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  7. The Ethics of Doping: Between Paternalism and Duty.Evangelos D. Protopapadakis - 2020 - Pannoniana: Journal of Humanities 4 (1):35-49.
    The most plausible line of anti-doping argumentation starts with the fact that performance enhancing substances are harmful and put at considerable risk the health and the life of those who indulge in the overwhelming promises these substances hold. From a liberal point of view, however, this is not a strong reason neither to morally reject doping altogether, nor to put a blanket ban on it; on the contrary, allowing adult, competent and informed athletes to have access to performance enhancement drugs (...)
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  8. To what extent can institutional control explain the dominance of analytic philosophy?Joel Katzav - 2023 - Asian Journal of Philosophy 2 (45):1-14.
    Katzav and Vaesen have argued that control by analytic philosophers of key journals, philosophy departments and at least one funding body plays a substantial role in explaining the emergence of analytic philosophy into dominance in the Anglophone world and the corresponding decline of speculative philosophy. They also argued that this use of control suggests a characterisation of analytic philosophy as, at the institutional level, a sectarian form of critical philosophy. I test these hypotheses against data about philosophy job hires at (...)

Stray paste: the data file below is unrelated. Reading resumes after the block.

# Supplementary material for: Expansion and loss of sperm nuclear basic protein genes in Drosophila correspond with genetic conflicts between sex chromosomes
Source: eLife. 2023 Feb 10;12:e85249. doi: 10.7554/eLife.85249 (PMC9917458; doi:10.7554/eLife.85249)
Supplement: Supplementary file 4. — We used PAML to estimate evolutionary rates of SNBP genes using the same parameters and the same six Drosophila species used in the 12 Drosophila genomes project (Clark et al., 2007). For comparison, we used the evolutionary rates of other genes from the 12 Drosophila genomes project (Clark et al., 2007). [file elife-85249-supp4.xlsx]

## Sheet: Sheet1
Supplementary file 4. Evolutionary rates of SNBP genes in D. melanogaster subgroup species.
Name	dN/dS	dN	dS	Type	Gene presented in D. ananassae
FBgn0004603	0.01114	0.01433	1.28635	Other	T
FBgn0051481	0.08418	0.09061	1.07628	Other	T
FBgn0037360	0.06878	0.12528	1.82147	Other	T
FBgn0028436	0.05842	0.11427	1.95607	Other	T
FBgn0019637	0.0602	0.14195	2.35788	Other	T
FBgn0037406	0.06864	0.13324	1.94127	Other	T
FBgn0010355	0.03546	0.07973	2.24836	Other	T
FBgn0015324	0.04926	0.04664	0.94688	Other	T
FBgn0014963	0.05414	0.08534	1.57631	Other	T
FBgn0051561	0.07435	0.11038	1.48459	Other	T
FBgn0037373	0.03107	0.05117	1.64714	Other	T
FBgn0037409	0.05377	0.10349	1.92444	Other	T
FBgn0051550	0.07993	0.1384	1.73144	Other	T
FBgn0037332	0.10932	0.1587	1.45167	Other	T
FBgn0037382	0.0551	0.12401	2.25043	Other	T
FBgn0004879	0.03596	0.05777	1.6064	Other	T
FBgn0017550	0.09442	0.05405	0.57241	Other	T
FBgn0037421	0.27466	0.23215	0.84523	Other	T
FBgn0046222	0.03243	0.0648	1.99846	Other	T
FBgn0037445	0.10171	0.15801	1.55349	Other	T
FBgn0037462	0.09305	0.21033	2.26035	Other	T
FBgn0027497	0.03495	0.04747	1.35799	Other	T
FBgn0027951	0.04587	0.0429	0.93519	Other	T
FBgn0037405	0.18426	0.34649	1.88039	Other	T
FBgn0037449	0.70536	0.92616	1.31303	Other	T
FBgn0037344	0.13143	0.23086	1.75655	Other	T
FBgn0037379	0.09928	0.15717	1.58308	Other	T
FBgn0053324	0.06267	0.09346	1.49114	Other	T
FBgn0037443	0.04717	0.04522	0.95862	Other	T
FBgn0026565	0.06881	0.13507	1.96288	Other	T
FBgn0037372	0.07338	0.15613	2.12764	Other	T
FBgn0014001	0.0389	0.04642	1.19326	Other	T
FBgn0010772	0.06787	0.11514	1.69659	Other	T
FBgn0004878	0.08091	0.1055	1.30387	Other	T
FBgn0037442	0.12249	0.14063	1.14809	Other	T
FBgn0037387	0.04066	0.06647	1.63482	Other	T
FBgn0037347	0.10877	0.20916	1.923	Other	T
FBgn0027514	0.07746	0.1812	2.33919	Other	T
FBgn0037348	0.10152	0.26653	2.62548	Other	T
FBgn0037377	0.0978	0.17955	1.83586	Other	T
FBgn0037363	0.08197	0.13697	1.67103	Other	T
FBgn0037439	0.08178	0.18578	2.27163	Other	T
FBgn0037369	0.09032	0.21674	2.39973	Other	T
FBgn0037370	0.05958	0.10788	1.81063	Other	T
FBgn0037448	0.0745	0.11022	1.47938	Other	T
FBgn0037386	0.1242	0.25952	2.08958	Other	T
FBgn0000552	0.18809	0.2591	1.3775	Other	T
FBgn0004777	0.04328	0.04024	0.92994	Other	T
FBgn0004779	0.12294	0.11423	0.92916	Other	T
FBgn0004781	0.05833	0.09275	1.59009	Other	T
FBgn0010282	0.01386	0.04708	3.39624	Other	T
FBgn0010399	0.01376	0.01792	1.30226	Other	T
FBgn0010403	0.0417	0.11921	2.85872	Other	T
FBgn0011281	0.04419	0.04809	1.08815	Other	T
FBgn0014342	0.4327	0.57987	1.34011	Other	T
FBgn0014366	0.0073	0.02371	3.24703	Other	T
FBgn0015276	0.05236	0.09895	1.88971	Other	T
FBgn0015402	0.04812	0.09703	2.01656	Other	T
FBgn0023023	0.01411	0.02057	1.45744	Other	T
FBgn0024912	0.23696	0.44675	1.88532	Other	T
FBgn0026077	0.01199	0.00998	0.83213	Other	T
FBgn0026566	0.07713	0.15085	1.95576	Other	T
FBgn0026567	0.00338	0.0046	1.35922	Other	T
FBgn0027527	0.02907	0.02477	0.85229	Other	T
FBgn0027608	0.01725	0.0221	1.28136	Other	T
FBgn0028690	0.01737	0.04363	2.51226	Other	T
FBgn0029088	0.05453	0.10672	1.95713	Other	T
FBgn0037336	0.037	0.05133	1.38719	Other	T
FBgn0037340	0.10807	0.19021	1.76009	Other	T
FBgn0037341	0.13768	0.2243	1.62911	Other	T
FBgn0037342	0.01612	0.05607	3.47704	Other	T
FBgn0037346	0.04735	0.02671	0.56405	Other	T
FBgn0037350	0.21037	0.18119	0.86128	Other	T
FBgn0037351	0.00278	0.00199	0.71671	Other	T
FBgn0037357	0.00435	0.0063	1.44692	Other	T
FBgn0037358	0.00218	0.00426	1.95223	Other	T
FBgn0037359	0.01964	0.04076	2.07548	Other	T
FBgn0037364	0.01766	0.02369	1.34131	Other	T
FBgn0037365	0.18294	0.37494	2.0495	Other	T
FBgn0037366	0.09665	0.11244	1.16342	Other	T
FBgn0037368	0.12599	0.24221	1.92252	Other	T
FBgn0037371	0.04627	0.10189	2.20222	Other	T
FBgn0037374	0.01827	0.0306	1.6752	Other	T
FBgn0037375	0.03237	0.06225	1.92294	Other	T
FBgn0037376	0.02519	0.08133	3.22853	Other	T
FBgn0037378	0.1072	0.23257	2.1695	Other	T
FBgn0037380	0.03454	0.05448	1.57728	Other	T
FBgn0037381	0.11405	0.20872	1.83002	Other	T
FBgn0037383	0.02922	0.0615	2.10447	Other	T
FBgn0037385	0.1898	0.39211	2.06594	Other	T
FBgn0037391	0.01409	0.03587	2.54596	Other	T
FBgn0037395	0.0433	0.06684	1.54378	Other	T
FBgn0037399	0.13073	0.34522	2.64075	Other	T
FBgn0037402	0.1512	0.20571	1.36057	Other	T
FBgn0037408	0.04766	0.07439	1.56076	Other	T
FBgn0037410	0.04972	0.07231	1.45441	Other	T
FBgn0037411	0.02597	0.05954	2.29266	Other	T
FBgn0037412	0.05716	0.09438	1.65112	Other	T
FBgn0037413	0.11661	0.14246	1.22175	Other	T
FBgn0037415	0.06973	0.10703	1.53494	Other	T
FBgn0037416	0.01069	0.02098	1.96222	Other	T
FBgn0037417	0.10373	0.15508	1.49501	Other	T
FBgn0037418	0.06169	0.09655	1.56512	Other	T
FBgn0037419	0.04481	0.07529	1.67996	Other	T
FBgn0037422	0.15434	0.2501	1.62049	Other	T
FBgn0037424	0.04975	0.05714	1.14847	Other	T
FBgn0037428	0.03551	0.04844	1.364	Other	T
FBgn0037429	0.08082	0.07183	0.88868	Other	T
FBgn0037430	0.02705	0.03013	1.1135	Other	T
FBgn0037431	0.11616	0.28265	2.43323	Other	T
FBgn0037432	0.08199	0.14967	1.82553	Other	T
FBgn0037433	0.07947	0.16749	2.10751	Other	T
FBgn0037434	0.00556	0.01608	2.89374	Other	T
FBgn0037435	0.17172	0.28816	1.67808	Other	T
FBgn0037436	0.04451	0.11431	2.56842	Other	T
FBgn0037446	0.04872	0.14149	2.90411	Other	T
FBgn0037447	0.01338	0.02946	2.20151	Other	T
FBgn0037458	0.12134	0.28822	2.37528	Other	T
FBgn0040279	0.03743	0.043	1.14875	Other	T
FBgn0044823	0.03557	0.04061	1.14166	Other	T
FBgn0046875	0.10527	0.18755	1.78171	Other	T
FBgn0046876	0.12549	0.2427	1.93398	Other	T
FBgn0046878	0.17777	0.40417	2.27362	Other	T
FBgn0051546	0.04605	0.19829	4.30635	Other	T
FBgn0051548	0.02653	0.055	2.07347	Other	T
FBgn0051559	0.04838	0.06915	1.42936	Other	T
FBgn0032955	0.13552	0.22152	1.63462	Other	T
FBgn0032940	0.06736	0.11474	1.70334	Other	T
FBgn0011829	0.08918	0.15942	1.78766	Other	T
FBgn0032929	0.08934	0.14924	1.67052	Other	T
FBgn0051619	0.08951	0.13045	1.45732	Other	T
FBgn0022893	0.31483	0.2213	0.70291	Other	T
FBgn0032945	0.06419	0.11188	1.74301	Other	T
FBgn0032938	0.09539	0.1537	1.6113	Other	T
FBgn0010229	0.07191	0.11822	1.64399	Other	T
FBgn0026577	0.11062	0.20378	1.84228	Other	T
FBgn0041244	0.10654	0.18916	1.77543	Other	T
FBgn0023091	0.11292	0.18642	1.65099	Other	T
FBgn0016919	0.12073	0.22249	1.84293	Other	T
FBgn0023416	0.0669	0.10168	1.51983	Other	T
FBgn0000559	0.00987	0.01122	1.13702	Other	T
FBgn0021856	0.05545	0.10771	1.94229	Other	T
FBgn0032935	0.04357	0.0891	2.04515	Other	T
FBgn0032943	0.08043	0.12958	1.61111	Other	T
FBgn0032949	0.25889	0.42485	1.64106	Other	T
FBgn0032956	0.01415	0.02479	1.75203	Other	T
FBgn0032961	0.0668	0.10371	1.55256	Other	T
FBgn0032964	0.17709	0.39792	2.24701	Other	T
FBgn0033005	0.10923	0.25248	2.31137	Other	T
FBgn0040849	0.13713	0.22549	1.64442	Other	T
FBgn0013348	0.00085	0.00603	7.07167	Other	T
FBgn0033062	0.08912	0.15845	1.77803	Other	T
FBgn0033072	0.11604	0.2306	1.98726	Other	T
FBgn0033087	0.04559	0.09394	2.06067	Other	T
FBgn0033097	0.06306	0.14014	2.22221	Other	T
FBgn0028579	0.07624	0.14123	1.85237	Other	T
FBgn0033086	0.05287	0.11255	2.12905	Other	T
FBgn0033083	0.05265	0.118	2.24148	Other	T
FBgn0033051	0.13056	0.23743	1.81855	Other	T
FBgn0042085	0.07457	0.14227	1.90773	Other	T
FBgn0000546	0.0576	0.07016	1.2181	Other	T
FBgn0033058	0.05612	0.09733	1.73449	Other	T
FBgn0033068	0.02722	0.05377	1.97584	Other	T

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  9. Emotions and Other Minds.Joel Krueger - 2014 - In Rudiger Campe & Julia Weber (eds.), Interiority/Exteriority: Rethinking Emotion. Walter de Gruyter. pp. 324-350.
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  10. Grace de Laguna’s 1909 Critique of Analytic Philosophy: Presentation and Defence.Joel Katzav - 2023 - Asian Journal of Philosophy 2 (2):1-26.
    Grace A. de Laguna was an American philosopher of exceptional originality. Many of the arguments and positions she developed during the early decades of the twentieth century later came to be central to analytic philosophy. These arguments and positions included, even before 1930, a critique of the analytic-synthetic distinction, a private language argument, a critique of type physicalism, a functionalist theory of mind, a critique of scientific reductionism, a methodology of research programs in science and more. Nevertheless, de Laguna identified (...)
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  11. Possibilities Of Which I Am: Disability, Embodiment, and Existentialism.Joel Michael Reynolds - 2024 - In Kevin Aho, Megan Altman & Hans Pedersen (eds.), The Routledge Handbook of Contemporary Existentialism. Routledge.